Claire de Groot remembers moving to the farm on Route 34 in Colts Neck in 1936 when she was six years old. At that time there was farmland as far as the eye could see. “I have so many cherished memories from this land,” Claire remembers. “We used to go ice skating in the pond, that was back when ponds still froze,” and “at one time I actually had a pet skunk,” Claire chuckles as she fondly recalls.
Claire de Groot moved to the approximately 60-acre farm with her family 83 years ago when Colts Neck was a sleepy, rural town where practically everyone knew each other. She met her husband while attending Red Bank High School and the couple raised a family with four children, moving every two years due to her husband’s career in the United States Navy. Now married 67 years, the farm has been the backdrop for a lifetime worth of memories. “We always referred to the farm as our Homeland,” recalls Claire. “It was always a place where time seemed to stop, and we could spend endless hours together enjoying the outdoors.”
“From all the places we lived, this place always felt like home. It was always like a little slice of heaven to us,” Claire explained. “We knew that we could never allow this beautiful land that holds so many cherished family memories to become covered with houses.”
Over the past 83 years Colts Neck transformed from a rural farm town to a desired, residential estate community. Although the area still retains much of its rural character, thousands of homes have been built and thousands of acres of natural land have been lost forever. However, Claire can now rest assured that her family farm will never be developed.
“We knew we wanted to see the land preserved,” explained Claire, who made the decision to preserve their family farm, not once, but twice. First, when the family preserved 20 acres in 2005 and now the remaining 40 acres, forever uniting the 60 acres as their family farm, forever.
“Monmouth Conservation Foundation is so pleased to see this beautiful piece of farmland preserved,” explained William Kastning, Executive Director for Monmouth Conservation Foundation. “MCF partnered with the State Agriculture Development Committee, the County of Monmouth and the Township of Colts Neck for funding to purchase the development rights on the farm and ensure it remains protected from development.”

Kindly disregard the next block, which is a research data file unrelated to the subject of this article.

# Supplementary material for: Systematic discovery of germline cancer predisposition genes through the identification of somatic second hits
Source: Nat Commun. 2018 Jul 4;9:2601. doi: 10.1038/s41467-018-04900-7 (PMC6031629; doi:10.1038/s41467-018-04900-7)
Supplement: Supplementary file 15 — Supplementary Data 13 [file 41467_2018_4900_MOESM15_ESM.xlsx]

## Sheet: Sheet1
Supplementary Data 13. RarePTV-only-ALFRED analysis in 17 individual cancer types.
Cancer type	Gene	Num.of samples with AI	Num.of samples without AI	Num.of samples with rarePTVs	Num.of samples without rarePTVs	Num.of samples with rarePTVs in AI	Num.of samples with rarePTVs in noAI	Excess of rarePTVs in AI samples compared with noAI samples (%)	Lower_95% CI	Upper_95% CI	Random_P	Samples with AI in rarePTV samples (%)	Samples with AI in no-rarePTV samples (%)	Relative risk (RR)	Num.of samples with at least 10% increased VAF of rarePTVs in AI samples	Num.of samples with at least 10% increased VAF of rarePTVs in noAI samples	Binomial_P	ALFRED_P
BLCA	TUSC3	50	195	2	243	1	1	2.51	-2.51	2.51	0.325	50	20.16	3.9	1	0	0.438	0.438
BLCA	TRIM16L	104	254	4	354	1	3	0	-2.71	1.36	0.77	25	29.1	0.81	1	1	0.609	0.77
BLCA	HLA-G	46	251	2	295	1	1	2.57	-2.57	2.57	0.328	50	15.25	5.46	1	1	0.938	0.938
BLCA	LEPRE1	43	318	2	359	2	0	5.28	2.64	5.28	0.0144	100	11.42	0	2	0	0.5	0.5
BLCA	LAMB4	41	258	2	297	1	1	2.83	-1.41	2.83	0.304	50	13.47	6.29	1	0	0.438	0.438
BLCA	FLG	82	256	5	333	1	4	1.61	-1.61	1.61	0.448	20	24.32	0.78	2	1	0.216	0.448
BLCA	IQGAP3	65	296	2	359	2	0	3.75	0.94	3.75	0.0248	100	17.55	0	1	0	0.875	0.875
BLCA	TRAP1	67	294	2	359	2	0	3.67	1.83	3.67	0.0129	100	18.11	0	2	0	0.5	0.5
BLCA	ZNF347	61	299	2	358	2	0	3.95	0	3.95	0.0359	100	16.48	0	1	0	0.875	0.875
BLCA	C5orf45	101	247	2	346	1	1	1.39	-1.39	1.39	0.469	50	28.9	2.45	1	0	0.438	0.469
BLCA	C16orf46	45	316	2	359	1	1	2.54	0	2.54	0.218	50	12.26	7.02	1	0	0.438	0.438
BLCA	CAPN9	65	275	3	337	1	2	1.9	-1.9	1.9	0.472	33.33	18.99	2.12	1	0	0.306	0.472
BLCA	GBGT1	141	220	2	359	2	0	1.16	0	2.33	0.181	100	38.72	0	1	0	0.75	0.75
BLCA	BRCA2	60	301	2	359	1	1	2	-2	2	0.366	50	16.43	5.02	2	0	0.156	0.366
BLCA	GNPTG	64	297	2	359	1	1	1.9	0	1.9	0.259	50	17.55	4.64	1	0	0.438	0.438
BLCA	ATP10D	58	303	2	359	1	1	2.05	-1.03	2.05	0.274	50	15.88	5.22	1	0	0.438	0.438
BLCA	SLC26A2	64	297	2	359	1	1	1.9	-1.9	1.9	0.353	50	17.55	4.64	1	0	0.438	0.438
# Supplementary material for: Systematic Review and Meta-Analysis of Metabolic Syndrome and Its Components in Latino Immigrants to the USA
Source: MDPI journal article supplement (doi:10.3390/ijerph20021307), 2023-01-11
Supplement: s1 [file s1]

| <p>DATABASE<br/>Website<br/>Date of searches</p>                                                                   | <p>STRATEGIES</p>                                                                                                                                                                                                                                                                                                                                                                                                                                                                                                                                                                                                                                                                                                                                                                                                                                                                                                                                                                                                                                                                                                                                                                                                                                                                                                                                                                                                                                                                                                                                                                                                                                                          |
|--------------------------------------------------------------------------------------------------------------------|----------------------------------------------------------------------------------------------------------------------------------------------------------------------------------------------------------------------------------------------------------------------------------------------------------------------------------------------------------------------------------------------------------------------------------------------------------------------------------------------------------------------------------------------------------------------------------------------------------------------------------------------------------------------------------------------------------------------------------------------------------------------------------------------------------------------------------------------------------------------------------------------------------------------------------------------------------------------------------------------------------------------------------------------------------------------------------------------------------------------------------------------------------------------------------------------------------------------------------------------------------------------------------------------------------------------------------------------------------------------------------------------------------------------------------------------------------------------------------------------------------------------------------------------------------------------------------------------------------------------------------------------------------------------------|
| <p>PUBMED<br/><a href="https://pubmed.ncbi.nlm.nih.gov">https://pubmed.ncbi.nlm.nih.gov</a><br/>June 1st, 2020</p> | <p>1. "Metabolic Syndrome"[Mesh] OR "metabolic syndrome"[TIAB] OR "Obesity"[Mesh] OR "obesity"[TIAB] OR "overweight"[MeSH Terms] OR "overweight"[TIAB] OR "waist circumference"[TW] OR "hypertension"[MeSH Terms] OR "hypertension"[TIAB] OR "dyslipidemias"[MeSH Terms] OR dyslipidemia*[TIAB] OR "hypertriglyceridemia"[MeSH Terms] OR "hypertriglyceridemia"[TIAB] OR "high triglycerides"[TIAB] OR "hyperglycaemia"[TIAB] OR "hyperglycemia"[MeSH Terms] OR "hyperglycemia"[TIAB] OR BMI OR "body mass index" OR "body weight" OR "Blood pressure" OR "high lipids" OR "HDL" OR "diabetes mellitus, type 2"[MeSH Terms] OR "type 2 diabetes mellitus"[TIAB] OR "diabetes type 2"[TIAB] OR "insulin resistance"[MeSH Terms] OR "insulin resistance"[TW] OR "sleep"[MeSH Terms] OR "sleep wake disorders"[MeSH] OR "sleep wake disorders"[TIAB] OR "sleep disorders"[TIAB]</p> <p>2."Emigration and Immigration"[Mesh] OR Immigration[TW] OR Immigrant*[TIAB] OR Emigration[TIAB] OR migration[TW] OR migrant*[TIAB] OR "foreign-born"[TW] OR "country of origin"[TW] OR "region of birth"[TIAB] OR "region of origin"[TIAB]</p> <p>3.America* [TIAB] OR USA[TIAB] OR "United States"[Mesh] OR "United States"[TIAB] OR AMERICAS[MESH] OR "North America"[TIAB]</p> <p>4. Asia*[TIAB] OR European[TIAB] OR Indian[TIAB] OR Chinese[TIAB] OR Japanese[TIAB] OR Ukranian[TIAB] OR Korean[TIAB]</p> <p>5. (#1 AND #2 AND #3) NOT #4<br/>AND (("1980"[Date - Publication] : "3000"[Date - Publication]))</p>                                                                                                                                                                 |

“We are so happy that the de Groot family chose to preserve their farm,” explained Holly Boylan-Flego, President of the MCF Board of Trustees. “We hope that more farm owning families will follow in the de Groot’s footsteps and choose to preserve rather than develop their land.”
“Our decision to preserve the farm is something that gives me peace when I go to bed at night,” Claire remarked. “No matter what happens, this land will remain a farm and part of the community.”
Did you know?
Monmouth County has lost over 100,000 acres of farmland between 1954 and 2012 (U.S. Census data).
Of the remaining farmland in Monmouth County, 15,429 acres are preserved through the New Jersey Farmland Preservation Program. This acreage now includes the de Groot farm.
The cost to purchase the development rights on farmland in Monmouth County ranges from $10,000 to $60,000 per acre. These values are dependent on the farmland characteristics and location of each property, as well as current market conditions.
The quality of the soil is a driving factor behind farmland preservation. The goal is to protect farms with the best soils for growing food.